New details about a $400 million cash payment to Iran in January just as Iran released four U.S. hostages is raising fears among advocates for current hostages that Tehran is upping the stakes, and will only release them after additional concessions.

Iran issued indictments last month against four people with ties to the U.S., including an American with dual Iranian citizenship, and a U.S. permanent resident.

All four were believed to be picked up over the last year by Iran's Revolutionary Guard, a hardline military unit devoted to maintaining the country's Islamic system, during what human rights activists say has been an uptick in incarcerations of dual-Iranian citizens or people with western ties.

At least one of the four, businessman and information technology expert Nizar Zakka, 49, is being held in long-term solitary confinement under vague charges that include "collaborating with hostile governments," according to an urgent action notice by Amnesty International.

Zakka is a Lebanese citizen and permanent resident of the United States who has lived in Washington, D.C., for years. The three others indicted in July were Siamak Namazi, an Iranian-American businessman; Homa Hoodfar, an Iranian-Canadian and retired professor at Montreal's Concordia University; and Nazanin Zaghari-Ratcliffe, an Iranian-British woman who works for Thomson Reuters Foundation, the news outlet's charitable side.

Zakka was arrested in Iran last September after traveling there to attend an International Conference and Exhibition on Women in Sustainable Development, at the invitation of an Iranian official to serve as one of the events speakers, the alert said.

His lawyer, Jason Poblete, says Zakka's health has been deteriorating in recent months and he is on a hunger strike to protest his harsh treatment.

"The family is concerned about his well-being and they are asking the U.S. government and anybody who can to please help secure his release," Poblete, an attorney and former senior Republican congressional staffer, told the Washington Examiner.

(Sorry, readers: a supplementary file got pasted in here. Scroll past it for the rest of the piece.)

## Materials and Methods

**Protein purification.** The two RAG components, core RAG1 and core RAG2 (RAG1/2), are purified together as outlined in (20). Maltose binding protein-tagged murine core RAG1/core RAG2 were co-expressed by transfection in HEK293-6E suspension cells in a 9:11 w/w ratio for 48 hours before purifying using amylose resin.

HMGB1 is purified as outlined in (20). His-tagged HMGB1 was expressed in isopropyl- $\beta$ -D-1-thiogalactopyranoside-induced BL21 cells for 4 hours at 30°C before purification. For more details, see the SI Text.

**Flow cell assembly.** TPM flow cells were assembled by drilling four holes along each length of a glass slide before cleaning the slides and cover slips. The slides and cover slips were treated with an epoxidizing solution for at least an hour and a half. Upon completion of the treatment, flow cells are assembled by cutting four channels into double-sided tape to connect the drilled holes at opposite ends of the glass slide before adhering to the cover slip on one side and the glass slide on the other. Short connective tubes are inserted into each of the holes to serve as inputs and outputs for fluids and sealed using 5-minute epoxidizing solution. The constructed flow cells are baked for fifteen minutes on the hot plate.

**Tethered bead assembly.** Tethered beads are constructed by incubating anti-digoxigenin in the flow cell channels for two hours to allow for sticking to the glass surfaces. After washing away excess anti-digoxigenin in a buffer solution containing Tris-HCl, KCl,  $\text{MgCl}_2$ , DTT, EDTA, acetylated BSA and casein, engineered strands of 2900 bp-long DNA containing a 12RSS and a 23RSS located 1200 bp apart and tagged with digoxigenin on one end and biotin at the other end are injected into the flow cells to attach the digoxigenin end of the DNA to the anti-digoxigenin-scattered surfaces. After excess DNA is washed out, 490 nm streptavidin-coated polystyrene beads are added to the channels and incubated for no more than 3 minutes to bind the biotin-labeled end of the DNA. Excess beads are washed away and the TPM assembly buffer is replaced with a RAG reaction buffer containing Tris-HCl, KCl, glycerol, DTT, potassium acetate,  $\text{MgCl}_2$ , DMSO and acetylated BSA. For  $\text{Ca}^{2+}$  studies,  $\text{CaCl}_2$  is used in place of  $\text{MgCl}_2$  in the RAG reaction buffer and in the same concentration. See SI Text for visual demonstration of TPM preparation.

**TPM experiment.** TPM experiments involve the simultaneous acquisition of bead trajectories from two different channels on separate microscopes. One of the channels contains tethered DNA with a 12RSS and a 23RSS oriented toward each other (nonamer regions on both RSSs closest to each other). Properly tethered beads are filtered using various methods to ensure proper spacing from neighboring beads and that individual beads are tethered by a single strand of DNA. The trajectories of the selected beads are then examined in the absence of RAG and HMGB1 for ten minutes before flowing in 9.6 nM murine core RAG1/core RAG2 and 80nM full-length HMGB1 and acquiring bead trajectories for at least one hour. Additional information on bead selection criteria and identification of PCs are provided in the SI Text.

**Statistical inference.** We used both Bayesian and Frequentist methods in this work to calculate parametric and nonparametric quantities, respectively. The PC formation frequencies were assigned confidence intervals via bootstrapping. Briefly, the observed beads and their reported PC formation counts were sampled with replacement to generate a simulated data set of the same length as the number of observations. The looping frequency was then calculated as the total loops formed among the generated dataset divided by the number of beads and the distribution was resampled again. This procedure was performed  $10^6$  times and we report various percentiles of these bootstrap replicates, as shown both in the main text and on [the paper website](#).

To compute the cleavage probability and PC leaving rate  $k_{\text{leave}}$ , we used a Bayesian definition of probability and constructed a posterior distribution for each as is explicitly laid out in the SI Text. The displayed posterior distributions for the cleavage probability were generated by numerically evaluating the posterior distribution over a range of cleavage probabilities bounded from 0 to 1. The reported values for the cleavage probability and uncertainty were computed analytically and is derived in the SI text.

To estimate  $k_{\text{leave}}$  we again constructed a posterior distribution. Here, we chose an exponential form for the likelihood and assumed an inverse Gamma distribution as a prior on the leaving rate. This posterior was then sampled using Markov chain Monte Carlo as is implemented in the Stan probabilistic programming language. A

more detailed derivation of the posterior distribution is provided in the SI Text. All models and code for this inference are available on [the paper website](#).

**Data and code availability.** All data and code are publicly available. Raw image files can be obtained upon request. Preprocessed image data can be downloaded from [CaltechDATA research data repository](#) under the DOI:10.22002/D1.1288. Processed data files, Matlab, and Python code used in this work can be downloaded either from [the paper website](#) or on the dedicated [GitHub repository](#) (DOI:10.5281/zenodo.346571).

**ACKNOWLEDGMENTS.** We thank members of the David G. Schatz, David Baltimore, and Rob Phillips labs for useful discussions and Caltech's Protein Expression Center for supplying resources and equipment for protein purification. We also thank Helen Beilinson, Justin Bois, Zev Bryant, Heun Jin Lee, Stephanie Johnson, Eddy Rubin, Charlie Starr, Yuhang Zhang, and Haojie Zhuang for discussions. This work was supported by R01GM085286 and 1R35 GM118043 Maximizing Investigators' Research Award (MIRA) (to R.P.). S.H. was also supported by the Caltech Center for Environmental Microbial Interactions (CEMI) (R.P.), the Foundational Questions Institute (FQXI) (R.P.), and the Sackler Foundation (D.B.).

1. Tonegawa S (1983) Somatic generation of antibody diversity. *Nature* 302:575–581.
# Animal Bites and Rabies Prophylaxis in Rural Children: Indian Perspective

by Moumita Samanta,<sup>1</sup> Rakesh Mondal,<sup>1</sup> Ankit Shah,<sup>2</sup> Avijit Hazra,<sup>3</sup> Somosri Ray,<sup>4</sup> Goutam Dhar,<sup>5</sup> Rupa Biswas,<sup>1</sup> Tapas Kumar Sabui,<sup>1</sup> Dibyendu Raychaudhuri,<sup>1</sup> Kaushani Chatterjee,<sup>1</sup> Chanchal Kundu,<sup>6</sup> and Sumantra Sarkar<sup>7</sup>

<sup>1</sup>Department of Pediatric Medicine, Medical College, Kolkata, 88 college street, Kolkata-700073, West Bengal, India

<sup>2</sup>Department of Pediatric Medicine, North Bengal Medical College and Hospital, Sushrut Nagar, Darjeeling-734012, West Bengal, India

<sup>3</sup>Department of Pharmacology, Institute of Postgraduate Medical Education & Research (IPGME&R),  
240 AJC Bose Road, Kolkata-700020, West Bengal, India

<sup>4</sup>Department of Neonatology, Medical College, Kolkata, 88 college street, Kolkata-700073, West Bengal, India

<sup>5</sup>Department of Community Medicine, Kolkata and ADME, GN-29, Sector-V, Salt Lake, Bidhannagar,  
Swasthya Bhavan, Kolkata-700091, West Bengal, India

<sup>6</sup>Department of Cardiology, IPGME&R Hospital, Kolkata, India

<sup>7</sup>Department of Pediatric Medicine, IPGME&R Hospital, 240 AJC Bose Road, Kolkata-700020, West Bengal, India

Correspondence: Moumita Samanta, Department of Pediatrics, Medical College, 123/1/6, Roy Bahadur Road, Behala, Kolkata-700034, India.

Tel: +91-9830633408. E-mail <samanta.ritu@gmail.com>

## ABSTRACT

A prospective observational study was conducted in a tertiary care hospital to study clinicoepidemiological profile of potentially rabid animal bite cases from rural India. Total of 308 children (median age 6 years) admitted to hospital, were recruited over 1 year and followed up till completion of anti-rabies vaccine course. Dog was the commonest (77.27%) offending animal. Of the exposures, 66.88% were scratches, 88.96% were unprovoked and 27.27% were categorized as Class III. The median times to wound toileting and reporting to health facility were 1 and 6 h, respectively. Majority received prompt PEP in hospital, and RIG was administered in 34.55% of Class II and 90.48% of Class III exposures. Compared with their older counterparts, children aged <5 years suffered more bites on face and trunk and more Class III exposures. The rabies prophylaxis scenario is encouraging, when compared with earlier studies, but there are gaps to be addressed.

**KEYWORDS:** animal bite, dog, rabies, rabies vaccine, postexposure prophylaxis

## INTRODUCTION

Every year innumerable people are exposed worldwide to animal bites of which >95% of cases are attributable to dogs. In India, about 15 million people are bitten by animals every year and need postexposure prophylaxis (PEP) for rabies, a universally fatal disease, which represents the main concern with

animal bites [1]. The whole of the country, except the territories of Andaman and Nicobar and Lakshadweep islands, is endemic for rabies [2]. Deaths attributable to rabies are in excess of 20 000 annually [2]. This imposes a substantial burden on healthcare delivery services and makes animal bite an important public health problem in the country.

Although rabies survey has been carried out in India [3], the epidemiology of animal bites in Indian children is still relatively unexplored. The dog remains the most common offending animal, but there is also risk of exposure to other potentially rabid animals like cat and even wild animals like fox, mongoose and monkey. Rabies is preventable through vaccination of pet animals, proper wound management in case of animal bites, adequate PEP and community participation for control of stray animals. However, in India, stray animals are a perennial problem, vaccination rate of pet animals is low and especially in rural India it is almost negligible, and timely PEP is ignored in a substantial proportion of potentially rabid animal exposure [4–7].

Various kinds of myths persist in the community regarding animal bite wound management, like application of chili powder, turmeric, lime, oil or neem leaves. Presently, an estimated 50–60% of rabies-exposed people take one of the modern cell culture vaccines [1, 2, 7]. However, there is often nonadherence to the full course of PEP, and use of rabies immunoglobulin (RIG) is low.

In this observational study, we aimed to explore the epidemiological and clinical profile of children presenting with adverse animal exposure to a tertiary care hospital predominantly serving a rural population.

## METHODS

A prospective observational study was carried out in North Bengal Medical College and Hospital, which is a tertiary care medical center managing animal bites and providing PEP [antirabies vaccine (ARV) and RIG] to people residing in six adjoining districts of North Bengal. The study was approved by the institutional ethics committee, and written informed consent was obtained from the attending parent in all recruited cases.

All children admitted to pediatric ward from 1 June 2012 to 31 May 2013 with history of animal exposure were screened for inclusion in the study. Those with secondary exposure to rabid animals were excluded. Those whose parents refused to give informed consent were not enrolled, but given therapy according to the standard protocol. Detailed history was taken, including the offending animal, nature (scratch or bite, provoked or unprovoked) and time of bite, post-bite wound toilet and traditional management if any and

"He needs medical attention — a doctor has not been allowed to go in," he said. "They are doing things to him that are psychologically and mentally distressing, and the family just wants him released. They want medical attention but they want him released unconditionally on humanitarian grounds."

The case is particularly relevant to the State Department because Zakka was reportedly working on a U.S. government grant when he visited Iran. According to an Associated Press article published in May, Zakka has received $730,000 worth of grants from the U.S. government for projects in the region. Amnesty International said Zakka helped to set up a "regional alliance of information and technology organizations" across 13 companies in the Middle East and North Africa region.

But reports that the U.S. sent Iran a $400 million cash payment the same day American prisoners were sent home has Poblete worried that the payment was effectively a ransom, and that Iran might seek more concessions before Zakka is released, including possibly concessions related to the Iran nuclear agreement.

"We hope that our government is not salvaging the [nuclear deal] on the backs and lives of these innocent people, including Mr. Zakka," Poblete said.

Amnesty International's Elise Auerbach, an Iran country specialist, said she also notes more detentions by Iran.

"We are concerned about all people who are being held for political reasons in Iran but we also have concerns about the increase in harassment of dual nationals and people who have ties to countries outside of Iran," she said.

Zakka was in Iran at the invitation of the Iranian government itself, and Auerbach said the detainees appear to be the result of a split within Iran over how much to open up to the West.